On Thursday 14th February 2019, we saw the opening of the Newtown bypass. This was a momentous occasion for Mid Wales. It was over 70 years ago that the need for a bypass was first suggested. During the past 7 decades, the bypass has been on and off the agenda at various points in time. I believe that the bypass has the potential to transform the economy of towns such as Newtown, Llanidloes and Machynlleth.
The campaign for a bypass began in the 1940s. In 1949, the then Montgomery County Council published an advert which called for school boys aged 16 or over to consider putting themselves forward to record the number of vehicles travelling through the town between Friday September 2nd and Sunday September 4th 1949 in an effort to assess the need for a Newtown Bypass.
We should pay tribute to the many people, especially those that are no longer with us, who have campaigned for a bypass over the past 7 decades including those 30 people who joined me in handing in a 10,000 strong petition to the National Assembly for Wales back in March 2011.
The bypass itself includes a number of large structures, including 4 new roundabouts and 7 main bridges. For a major project like this to be completed within 3 years from start to finish is amazing in itself. There has been widespread support for this project from the community and there was a great interest in the construction works.
I was particularly pleased to take an interest in the development of the largest of the new structures, the bridge over the middle Dolfor Road. The bridge is a multi-span reinforced concrete structure, with two piers and two abutments. 90 metres in length and standing 20 metres tall, the bridge has nine pairs of steel beams which weigh 35 tonnes each. A magnificent example of structural engineering.
It ought to be acknowledged that people who live near the new bypass and construction sites have been incredibly patient over the past 3 years and that some landowners have had to make sacrifices and give up land belonging to their families for generations in order to allow the project to proceed.
Since the opening of the bypass, contractors have continued on site with drainage works, planting and landscaping at various locations; the erection of permanent fencing and removal of temporary fencing. Seasonal planting by the landscaping team is continuing into 2020 and over the next four years this will be monitored and managed under contractual obligations.
A few safety concerns on the bypass have been brought to my attention including the absence of arrow signals directing drivers to lanes before roundabouts where two lanes return to one. I have raised this with the Welsh Government and was informed that a road safety audit had been completed. The project team raised the same issue suggesting additional road markings. Bizarrely however, the recommendations have not been accepted by the auditor based on the lack of evidence that no accidents have occurred. I strongly believe that safety measures should be in place before accidents happen, this is just common sense. I have taken the matter up again with the Minister more recently, and I have been assured that officials will be setting up a camera to monitor a month’s worth of vehicular activity and the video footage will be reviewed to determine if there are a significant number of incidents and the project team will discuss the next steps based on the findings.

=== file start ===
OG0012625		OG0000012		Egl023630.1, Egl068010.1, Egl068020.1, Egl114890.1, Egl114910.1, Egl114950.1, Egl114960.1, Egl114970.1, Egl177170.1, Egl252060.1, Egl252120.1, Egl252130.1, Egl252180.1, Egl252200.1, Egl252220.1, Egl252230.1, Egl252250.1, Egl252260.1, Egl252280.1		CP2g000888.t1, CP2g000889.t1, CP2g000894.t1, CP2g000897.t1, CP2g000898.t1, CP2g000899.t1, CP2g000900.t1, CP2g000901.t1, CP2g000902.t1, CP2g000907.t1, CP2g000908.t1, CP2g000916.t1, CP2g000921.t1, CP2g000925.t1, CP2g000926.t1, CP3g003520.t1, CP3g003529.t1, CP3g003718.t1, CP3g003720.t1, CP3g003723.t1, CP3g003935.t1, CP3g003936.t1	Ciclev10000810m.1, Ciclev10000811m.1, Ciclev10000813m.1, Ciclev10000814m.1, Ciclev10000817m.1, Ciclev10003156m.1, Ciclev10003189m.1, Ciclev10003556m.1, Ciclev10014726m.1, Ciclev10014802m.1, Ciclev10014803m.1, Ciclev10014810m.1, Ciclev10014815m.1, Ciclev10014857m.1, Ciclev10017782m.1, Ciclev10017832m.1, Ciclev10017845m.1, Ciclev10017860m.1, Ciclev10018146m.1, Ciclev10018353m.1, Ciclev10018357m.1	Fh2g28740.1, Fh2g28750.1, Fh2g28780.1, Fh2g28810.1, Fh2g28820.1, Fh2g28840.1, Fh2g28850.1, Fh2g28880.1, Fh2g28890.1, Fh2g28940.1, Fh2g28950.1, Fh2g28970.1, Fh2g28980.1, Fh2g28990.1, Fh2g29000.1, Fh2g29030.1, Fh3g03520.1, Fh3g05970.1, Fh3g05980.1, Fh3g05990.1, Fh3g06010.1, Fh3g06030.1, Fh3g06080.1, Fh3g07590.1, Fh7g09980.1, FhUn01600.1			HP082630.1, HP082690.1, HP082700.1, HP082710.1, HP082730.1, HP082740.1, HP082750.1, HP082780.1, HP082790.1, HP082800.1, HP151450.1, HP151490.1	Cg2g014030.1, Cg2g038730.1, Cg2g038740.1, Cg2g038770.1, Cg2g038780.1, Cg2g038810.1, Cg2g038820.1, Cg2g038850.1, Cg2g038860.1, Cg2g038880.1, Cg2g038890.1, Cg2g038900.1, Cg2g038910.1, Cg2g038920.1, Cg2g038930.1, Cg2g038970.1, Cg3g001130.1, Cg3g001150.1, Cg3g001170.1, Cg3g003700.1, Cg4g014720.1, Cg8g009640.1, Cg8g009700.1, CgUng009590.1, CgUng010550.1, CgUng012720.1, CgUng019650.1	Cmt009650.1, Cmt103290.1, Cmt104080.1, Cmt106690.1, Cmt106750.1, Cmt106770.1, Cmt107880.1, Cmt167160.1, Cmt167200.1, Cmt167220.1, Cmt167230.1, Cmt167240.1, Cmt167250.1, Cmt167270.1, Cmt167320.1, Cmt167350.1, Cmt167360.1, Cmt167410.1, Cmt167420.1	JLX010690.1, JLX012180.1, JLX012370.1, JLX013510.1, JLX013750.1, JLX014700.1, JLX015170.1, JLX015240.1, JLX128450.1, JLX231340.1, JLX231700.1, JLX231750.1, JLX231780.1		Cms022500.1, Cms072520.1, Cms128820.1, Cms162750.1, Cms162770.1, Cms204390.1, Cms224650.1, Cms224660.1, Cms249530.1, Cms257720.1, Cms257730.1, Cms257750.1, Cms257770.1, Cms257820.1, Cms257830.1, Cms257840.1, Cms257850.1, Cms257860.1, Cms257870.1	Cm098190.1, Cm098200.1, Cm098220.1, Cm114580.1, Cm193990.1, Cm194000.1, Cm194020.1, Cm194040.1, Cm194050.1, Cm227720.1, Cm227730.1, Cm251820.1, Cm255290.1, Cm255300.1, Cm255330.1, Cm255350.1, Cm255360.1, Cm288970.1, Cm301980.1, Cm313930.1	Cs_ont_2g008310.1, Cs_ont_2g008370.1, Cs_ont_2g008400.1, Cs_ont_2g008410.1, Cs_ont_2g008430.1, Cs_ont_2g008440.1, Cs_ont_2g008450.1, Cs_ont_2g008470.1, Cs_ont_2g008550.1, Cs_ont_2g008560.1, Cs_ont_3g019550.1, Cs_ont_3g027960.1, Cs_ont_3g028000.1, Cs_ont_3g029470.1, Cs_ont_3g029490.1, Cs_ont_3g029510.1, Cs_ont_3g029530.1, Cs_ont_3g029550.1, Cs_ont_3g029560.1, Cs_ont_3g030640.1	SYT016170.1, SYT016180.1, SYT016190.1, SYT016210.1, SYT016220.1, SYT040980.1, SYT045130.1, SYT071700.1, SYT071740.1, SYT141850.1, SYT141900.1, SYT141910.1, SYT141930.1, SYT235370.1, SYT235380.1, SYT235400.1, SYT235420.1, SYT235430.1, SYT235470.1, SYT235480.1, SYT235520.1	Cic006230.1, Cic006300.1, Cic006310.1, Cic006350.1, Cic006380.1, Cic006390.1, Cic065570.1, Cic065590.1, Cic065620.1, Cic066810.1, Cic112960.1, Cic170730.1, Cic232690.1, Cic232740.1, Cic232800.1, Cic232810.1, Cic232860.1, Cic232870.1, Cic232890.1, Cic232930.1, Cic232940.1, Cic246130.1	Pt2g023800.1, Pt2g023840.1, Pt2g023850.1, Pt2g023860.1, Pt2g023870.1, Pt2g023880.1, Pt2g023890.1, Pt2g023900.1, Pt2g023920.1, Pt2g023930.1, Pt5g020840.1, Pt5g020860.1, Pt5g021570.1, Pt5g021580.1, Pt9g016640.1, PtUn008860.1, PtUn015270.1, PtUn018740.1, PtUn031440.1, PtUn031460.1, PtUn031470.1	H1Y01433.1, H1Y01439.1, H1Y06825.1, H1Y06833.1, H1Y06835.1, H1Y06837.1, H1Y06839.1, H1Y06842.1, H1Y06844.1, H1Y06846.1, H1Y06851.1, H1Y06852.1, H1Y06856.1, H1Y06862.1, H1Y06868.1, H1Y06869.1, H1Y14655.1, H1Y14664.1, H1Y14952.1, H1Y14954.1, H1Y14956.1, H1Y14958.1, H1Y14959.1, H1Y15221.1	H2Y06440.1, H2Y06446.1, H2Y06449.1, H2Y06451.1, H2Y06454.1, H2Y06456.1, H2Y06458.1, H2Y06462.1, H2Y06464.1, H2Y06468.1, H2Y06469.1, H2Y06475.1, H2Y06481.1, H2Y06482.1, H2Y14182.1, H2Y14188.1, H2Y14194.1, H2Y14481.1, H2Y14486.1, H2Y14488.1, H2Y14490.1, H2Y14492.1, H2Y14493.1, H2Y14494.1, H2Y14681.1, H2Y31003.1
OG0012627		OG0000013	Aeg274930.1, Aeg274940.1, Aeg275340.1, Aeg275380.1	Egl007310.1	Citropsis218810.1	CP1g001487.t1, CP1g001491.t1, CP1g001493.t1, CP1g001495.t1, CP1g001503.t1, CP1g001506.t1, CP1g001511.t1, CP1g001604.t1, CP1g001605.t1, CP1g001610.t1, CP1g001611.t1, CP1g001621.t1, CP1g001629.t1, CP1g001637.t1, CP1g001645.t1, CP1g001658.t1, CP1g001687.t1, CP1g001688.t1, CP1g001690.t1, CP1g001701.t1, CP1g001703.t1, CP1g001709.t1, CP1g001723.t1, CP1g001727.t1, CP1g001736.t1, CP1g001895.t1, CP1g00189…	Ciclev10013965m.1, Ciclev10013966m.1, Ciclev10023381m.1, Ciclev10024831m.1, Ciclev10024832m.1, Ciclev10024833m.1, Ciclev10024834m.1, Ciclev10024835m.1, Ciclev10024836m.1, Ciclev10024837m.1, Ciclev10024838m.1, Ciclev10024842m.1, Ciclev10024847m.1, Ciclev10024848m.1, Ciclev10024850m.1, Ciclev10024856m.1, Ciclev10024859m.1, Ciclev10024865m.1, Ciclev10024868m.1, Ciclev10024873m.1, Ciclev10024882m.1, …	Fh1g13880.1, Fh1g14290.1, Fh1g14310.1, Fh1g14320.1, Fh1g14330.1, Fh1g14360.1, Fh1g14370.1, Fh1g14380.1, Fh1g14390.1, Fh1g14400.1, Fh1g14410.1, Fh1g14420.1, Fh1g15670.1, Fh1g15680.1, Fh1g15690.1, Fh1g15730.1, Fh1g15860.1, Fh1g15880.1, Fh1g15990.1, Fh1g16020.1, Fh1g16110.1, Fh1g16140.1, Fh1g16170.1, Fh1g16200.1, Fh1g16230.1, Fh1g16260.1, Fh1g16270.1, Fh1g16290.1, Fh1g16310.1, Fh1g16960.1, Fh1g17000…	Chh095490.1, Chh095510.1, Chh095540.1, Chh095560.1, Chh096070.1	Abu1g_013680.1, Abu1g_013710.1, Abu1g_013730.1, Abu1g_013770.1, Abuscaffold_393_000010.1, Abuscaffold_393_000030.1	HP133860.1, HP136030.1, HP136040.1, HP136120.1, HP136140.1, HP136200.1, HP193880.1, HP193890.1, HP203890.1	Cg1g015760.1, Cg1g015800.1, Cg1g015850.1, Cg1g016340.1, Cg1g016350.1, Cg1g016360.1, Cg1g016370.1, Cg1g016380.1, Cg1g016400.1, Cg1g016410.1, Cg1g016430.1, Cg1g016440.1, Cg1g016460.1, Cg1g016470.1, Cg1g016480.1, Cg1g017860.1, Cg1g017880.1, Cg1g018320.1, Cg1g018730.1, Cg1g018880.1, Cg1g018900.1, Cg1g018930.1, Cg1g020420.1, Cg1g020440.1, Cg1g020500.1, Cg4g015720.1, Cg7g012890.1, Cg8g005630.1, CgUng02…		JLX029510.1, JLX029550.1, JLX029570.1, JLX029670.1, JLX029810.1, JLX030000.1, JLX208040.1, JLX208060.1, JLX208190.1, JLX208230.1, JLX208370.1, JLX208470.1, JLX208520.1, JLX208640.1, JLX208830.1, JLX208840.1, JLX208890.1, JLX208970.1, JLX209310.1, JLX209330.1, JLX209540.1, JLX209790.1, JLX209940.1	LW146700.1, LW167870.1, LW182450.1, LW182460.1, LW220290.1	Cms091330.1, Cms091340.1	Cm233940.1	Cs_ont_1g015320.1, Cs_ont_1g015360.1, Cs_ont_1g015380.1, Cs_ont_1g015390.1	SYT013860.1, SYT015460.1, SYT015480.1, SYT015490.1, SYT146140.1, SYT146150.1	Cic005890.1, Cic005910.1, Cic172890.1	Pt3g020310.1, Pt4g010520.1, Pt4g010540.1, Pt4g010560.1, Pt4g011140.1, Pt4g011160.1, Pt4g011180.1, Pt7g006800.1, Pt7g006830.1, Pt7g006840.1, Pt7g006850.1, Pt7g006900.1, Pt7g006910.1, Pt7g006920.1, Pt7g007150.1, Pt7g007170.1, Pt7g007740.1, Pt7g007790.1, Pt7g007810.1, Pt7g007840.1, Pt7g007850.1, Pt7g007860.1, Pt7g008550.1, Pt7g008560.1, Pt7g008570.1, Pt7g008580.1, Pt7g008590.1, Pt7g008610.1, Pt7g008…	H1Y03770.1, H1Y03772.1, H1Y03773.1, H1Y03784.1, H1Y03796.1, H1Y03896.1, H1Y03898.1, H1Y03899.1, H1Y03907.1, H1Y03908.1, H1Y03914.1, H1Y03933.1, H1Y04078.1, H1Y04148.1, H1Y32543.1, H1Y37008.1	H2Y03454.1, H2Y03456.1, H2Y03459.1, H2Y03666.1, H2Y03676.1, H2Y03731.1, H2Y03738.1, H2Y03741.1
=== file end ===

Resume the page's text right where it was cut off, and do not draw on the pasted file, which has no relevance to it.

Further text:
The question has once more been raised of reinstating the roundabout at McDonalds junction and also a pedestrian crossing on Dolfor Road among other traffic improvements in and around the town. I have raised this with Powys County Council who will soon be taking over former trunk roads through the town.
I have experienced resistance from both Welsh Government and County Council for a roundabout to replace the lights at McDonalds junction on the grounds that the original roundabout did not work effectively due to being too small and secondly, that pedestrians need to cross at this point which is safer with lights. The Council is currently monitoring traffic flows and changes to traffic behaviour as drivers establish different routes in and out of the town.
Newtown Town Council undertook a public survey last year for the naming of roundabouts and structures along the bypass. I also met with the Transport Minister to discuss potential names. I am pleased that the Welsh Government agreed to name four key roundabouts along the route after local historic figures from the community, these being, Robert Owen, David Davies, Pryce Pryce-Jones and Laura Ashley. Just before Christmas the Transport Minister updated me and informed me that quotations for the roundabout signage to display the names of each roundabout are now being sought.
Urgent progress now needs to be made on other much needed projects including the construction of the new Dyfi Bridge at Machynlleth to address a major pinch point on the A487.
The Dyfi Bridge was never designed to carry the current volume of traffic. The road is also often closed due to frequent flooding, causing traffic to take a diversion of up to 30 miles. The bridge was closed yet again in the Autumn so it is imperative that this pinch point is resolved at the earliest opportunity.
During the recent flooding, there was a failure to monitor the flood levels by CCTV, and the flood barrier gates on the trunk road should have been opened for road access much earlier when the flood waters had subsided to a safe level.
I can’t stress how important it is to improve the reliability of crossing the River Dyfi and to improve access to key services including employment opportunities, healthcare and education for the people of Machynlleth and the surrounding area.
I am pleased that the Minister has agreed to take up these practical issues with his officials but it is essential that a decision is made on the long term viability of the project at the earliest opportunity so that urgent improvements are made to this stretch of road infrastructure in Montgomeryshire.